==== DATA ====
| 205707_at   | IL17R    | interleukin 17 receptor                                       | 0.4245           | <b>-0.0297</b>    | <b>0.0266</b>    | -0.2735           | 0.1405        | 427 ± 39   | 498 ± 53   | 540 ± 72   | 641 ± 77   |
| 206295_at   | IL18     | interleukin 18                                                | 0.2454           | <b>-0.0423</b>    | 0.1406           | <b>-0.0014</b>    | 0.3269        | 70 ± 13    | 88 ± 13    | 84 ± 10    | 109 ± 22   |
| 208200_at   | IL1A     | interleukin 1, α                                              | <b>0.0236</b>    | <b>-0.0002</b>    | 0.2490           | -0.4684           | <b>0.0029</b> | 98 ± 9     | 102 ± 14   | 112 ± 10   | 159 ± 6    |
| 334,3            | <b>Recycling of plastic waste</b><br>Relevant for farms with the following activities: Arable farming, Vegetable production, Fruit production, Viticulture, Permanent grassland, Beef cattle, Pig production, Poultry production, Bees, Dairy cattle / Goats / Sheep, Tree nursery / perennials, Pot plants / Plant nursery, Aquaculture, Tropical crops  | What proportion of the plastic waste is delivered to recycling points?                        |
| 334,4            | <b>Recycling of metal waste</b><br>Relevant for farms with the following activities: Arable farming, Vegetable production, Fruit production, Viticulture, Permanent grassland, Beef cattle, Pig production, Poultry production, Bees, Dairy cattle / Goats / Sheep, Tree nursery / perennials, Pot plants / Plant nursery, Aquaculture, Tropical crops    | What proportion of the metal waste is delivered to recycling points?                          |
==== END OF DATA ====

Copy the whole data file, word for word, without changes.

| 205707_at   | IL17R    | interleukin 17 receptor                                       | 0.4245           | <b>-0.0297</b>    | <b>0.0266</b>    | -0.2735           | 0.1405        | 427 ± 39   | 498 ± 53   | 540 ± 72   | 641 ± 77   |
| 206295_at   | IL18     | interleukin 18                                                | 0.2454           | <b>-0.0423</b>    | 0.1406           | <b>-0.0014</b>    | 0.3269        | 70 ± 13    | 88 ± 13    | 84 ± 10    | 109 ± 22   |
| 208200_at   | IL1A     | interleukin 1, α                                              | <b>0.0236</b>    | <b>-0.0002</b>    | 0.2490           | -0.4684           | <b>0.0029</b> | 98 ± 9     | 102 ± 14   | 112 ± 10   | 159 ± 6    |
| 334,3            | <b>Recycling of plastic waste</b><br>Relevant for farms with the following activities: Arable farming, Vegetable production, Fruit production, Viticulture, Permanent grassland, Beef cattle, Pig production, Poultry production, Bees, Dairy cattle / Goats / Sheep, Tree nursery / perennials, Pot plants / Plant nursery, Aquaculture, Tropical crops  | What proportion of the plastic waste is delivered to recycling points?                        |
| 334,4            | <b>Recycling of metal waste</b><br>Relevant for farms with the following activities: Arable farming, Vegetable production, Fruit production, Viticulture, Permanent grassland, Beef cattle, Pig production, Poultry production, Bees, Dairy cattle / Goats / Sheep, Tree nursery / perennials, Pot plants / Plant nursery, Aquaculture, Tropical crops    | What proportion of the metal waste is delivered to recycling points?                          |